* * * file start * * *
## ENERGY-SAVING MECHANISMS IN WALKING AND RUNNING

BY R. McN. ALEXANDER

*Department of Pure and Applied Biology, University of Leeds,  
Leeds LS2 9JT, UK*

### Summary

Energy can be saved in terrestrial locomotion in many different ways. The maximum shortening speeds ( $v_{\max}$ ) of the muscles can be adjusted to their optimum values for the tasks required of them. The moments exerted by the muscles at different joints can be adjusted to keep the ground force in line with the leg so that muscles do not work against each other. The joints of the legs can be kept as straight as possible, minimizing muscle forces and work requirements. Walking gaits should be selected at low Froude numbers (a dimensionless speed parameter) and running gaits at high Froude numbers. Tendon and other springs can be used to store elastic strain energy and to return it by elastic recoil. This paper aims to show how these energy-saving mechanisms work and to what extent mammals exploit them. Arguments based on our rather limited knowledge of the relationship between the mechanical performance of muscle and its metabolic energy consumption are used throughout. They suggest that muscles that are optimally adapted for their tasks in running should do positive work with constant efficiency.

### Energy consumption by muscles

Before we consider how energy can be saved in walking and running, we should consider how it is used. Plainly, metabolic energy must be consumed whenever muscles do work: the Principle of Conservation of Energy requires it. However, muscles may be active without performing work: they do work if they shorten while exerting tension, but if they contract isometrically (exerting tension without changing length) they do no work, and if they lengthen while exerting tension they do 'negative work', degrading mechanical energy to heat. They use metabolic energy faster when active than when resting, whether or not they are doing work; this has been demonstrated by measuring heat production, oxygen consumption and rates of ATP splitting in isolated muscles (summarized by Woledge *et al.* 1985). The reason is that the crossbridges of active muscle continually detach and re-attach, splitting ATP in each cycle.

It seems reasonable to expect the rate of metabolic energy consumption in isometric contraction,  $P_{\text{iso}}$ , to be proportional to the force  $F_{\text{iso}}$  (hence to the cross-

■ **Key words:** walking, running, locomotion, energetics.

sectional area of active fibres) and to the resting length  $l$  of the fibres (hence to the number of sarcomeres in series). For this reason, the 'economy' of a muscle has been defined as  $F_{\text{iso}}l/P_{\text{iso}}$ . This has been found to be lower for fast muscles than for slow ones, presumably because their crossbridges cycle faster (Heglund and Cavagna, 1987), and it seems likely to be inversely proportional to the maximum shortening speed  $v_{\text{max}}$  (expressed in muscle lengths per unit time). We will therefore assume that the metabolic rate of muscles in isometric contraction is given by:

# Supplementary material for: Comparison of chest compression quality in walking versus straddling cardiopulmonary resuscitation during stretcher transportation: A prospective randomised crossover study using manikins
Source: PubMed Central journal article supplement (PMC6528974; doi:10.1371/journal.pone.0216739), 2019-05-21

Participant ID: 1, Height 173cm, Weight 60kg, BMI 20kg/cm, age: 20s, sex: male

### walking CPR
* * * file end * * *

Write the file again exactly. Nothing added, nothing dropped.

## ENERGY-SAVING MECHANISMS IN WALKING AND RUNNING

BY R. McN. ALEXANDER

*Department of Pure and Applied Biology, University of Leeds,  
Leeds LS2 9JT, UK*

### Summary

Energy can be saved in terrestrial locomotion in many different ways. The maximum shortening speeds ( $v_{\max}$ ) of the muscles can be adjusted to their optimum values for the tasks required of them. The moments exerted by the muscles at different joints can be adjusted to keep the ground force in line with the leg so that muscles do not work against each other. The joints of the legs can be kept as straight as possible, minimizing muscle forces and work requirements. Walking gaits should be selected at low Froude numbers (a dimensionless speed parameter) and running gaits at high Froude numbers. Tendon and other springs can be used to store elastic strain energy and to return it by elastic recoil. This paper aims to show how these energy-saving mechanisms work and to what extent mammals exploit them. Arguments based on our rather limited knowledge of the relationship between the mechanical performance of muscle and its metabolic energy consumption are used throughout. They suggest that muscles that are optimally adapted for their tasks in running should do positive work with constant efficiency.

### Energy consumption by muscles

Before we consider how energy can be saved in walking and running, we should consider how it is used. Plainly, metabolic energy must be consumed whenever muscles do work: the Principle of Conservation of Energy requires it. However, muscles may be active without performing work: they do work if they shorten while exerting tension, but if they contract isometrically (exerting tension without changing length) they do no work, and if they lengthen while exerting tension they do 'negative work', degrading mechanical energy to heat. They use metabolic energy faster when active than when resting, whether or not they are doing work; this has been demonstrated by measuring heat production, oxygen consumption and rates of ATP splitting in isolated muscles (summarized by Woledge *et al.* 1985). The reason is that the crossbridges of active muscle continually detach and re-attach, splitting ATP in each cycle.

It seems reasonable to expect the rate of metabolic energy consumption in isometric contraction,  $P_{\text{iso}}$ , to be proportional to the force  $F_{\text{iso}}$  (hence to the cross-

■ **Key words:** walking, running, locomotion, energetics.

sectional area of active fibres) and to the resting length  $l$  of the fibres (hence to the number of sarcomeres in series). For this reason, the 'economy' of a muscle has been defined as  $F_{\text{iso}}l/P_{\text{iso}}$ . This has been found to be lower for fast muscles than for slow ones, presumably because their crossbridges cycle faster (Heglund and Cavagna, 1987), and it seems likely to be inversely proportional to the maximum shortening speed  $v_{\text{max}}$  (expressed in muscle lengths per unit time). We will therefore assume that the metabolic rate of muscles in isometric contraction is given by:

# Supplementary material for: Comparison of chest compression quality in walking versus straddling cardiopulmonary resuscitation during stretcher transportation: A prospective randomised crossover study using manikins
Source: PubMed Central journal article supplement (PMC6528974; doi:10.1371/journal.pone.0216739), 2019-05-21

Participant ID: 1, Height 173cm, Weight 60kg, BMI 20kg/cm, age: 20s, sex: male

### walking CPR